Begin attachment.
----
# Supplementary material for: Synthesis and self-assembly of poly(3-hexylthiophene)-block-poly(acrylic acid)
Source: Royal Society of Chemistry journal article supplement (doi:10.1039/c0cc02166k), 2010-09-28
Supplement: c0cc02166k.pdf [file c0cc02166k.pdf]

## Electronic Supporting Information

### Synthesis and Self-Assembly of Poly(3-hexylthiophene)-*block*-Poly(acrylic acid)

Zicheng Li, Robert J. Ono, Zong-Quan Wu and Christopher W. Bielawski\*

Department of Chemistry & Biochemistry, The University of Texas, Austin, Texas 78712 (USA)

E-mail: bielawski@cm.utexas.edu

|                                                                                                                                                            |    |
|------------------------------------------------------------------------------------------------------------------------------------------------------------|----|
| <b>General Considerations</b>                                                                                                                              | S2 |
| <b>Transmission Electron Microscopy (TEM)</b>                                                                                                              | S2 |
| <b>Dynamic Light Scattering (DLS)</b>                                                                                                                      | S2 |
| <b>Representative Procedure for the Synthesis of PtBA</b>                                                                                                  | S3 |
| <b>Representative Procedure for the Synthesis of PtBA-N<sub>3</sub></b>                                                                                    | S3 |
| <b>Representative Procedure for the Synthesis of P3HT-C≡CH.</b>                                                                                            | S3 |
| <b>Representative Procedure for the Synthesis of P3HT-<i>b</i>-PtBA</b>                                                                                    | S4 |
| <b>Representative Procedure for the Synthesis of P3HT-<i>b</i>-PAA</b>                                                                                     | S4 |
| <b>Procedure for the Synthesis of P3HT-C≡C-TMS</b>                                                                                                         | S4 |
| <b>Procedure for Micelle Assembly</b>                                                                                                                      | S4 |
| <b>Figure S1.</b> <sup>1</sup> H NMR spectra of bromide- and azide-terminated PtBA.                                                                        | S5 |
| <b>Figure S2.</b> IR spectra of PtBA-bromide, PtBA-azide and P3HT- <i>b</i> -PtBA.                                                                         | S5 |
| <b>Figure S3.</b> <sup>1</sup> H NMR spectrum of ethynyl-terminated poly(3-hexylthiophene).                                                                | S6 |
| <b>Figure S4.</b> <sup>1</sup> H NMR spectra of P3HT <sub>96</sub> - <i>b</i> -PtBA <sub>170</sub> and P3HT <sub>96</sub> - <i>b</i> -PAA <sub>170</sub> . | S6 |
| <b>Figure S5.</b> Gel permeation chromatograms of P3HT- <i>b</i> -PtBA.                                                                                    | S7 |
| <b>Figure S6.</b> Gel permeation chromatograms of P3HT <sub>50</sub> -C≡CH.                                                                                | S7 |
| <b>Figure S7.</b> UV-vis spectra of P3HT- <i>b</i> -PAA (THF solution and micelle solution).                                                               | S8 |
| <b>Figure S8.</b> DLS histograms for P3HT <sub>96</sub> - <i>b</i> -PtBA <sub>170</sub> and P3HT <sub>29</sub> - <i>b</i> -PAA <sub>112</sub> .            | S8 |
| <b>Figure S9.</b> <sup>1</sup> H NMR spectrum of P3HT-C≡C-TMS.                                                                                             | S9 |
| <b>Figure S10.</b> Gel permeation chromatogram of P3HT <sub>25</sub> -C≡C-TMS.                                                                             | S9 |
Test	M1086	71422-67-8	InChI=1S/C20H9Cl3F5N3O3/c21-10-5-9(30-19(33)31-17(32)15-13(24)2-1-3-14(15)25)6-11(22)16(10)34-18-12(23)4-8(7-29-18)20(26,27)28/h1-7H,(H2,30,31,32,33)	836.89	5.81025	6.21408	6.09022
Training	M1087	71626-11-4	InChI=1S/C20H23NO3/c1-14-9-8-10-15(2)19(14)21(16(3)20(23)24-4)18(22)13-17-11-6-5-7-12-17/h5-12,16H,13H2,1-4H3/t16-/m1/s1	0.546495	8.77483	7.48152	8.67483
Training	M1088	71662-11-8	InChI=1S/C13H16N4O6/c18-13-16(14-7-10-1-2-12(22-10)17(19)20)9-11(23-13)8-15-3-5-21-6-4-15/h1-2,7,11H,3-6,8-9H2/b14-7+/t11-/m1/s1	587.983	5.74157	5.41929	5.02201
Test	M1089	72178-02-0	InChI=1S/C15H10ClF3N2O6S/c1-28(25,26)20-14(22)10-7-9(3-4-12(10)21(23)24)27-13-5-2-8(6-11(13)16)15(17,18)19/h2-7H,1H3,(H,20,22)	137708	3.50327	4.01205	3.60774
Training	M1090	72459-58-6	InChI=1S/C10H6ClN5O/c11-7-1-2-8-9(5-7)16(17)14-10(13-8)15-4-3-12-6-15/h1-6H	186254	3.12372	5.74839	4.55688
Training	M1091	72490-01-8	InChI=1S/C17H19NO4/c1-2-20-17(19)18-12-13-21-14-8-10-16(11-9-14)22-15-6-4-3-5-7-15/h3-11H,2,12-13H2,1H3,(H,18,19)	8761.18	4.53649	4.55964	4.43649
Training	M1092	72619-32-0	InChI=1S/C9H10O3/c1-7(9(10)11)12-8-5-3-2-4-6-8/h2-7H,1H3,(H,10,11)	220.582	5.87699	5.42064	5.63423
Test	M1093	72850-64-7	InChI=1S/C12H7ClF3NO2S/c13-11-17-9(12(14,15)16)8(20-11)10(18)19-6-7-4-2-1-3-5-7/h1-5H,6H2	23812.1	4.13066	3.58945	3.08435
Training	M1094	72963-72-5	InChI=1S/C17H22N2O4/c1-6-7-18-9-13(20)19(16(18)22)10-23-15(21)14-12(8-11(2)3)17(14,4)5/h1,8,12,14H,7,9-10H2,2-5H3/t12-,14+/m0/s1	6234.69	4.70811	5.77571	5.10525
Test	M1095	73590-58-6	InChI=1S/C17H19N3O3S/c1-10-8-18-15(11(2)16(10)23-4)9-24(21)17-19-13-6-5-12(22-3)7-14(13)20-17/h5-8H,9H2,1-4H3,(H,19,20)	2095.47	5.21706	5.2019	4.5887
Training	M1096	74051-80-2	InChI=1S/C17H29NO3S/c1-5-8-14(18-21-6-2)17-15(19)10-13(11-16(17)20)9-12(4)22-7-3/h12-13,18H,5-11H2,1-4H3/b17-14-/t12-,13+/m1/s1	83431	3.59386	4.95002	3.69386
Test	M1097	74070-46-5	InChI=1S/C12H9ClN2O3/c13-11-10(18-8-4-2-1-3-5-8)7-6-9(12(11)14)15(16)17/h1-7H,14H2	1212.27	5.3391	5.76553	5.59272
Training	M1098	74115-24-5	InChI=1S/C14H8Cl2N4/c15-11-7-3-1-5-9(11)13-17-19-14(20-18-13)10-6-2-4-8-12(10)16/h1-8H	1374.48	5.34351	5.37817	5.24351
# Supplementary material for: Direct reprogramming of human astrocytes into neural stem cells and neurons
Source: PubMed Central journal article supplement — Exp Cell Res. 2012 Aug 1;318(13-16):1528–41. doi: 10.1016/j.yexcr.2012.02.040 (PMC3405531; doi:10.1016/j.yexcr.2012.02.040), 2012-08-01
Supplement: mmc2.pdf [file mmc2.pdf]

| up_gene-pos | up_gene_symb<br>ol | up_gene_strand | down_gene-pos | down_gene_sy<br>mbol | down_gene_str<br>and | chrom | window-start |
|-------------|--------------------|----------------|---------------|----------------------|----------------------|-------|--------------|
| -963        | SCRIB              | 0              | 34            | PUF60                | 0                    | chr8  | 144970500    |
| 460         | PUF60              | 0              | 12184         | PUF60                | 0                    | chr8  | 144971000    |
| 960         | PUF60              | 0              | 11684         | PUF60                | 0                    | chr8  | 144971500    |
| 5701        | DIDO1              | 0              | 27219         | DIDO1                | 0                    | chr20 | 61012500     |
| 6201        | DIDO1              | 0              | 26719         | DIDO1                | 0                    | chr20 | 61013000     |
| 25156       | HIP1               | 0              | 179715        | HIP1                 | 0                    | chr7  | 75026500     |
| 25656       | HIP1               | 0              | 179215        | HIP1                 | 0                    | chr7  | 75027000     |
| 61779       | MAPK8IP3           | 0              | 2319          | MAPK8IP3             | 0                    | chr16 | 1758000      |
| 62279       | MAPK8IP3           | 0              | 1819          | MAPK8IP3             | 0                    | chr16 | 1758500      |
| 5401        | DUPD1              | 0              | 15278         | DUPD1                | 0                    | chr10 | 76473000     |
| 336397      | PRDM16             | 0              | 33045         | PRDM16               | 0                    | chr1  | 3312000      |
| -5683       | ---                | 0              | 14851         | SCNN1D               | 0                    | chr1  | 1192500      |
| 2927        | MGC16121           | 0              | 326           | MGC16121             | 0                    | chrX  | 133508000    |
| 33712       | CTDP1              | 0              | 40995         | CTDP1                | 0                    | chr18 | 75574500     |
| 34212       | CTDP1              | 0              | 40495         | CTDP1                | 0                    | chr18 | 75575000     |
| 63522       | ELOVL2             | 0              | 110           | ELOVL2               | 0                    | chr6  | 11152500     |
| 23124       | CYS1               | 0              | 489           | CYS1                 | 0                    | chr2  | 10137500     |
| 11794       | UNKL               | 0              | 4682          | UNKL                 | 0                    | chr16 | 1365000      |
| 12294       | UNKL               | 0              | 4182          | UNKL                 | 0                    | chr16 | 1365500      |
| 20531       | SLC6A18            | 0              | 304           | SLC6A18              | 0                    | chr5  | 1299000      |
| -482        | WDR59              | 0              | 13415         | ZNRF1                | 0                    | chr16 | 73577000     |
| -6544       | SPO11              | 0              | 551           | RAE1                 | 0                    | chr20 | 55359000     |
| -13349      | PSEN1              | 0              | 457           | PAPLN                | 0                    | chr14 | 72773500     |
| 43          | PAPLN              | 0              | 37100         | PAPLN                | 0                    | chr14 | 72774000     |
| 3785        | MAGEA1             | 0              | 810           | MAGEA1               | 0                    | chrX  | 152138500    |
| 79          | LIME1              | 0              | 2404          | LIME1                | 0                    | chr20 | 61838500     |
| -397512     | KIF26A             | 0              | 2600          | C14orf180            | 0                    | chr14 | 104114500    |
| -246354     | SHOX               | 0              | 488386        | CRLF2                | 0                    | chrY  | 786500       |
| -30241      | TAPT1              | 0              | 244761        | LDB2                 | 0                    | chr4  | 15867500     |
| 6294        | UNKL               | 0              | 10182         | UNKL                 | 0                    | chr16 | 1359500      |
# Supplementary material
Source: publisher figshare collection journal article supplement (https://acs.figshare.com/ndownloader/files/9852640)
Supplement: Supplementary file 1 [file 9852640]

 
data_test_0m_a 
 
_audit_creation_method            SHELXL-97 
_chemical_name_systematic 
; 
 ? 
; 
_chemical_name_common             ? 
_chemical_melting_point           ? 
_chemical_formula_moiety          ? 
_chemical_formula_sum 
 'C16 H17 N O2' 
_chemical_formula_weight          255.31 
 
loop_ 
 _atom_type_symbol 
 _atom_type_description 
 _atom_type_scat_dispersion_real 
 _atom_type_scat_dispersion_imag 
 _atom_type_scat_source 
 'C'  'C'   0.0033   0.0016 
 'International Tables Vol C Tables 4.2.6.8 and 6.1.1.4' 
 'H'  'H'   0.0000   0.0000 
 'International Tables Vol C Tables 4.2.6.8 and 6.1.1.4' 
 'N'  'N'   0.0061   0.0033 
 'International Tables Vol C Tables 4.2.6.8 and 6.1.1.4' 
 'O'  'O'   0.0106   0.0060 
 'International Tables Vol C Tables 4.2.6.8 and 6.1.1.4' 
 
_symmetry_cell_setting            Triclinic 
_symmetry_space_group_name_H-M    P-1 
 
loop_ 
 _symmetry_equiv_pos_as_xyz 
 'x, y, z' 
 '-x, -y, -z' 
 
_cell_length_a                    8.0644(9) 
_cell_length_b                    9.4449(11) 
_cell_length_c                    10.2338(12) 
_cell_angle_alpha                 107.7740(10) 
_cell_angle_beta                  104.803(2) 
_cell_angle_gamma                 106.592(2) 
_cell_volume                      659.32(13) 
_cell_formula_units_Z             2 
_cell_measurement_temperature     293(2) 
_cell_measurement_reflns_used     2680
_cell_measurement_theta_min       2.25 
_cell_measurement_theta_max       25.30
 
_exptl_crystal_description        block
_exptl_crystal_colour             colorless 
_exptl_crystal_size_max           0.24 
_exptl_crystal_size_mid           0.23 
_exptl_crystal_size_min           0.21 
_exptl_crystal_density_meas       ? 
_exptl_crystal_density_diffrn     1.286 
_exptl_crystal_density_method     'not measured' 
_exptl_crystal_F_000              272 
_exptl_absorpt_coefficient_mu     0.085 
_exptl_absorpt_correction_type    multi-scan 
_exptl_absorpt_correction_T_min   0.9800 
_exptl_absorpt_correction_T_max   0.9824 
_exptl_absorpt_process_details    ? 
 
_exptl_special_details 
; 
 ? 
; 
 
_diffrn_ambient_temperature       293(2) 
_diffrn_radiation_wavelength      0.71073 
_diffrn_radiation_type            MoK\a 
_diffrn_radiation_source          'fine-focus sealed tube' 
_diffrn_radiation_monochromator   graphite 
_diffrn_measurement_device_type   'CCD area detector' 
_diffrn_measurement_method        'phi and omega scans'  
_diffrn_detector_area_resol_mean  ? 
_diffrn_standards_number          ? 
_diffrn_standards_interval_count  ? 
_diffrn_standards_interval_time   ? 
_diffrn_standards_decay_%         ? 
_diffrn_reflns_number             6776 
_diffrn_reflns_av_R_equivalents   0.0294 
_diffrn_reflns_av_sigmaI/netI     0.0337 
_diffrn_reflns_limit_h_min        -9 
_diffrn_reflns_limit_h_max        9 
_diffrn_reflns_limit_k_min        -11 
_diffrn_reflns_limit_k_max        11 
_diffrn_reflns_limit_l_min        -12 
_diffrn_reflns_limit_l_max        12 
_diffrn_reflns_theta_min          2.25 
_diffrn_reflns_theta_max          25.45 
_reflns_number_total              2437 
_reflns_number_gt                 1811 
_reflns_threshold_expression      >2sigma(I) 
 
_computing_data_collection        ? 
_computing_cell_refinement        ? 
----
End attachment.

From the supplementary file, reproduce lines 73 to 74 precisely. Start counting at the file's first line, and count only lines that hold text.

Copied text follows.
| 3785        | MAGEA1             | 0              | 810           | MAGEA1               | 0                    | chrX  | 152138500    |
| 79          | LIME1              | 0              | 2404          | LIME1                | 0                    | chr20 | 61838500     |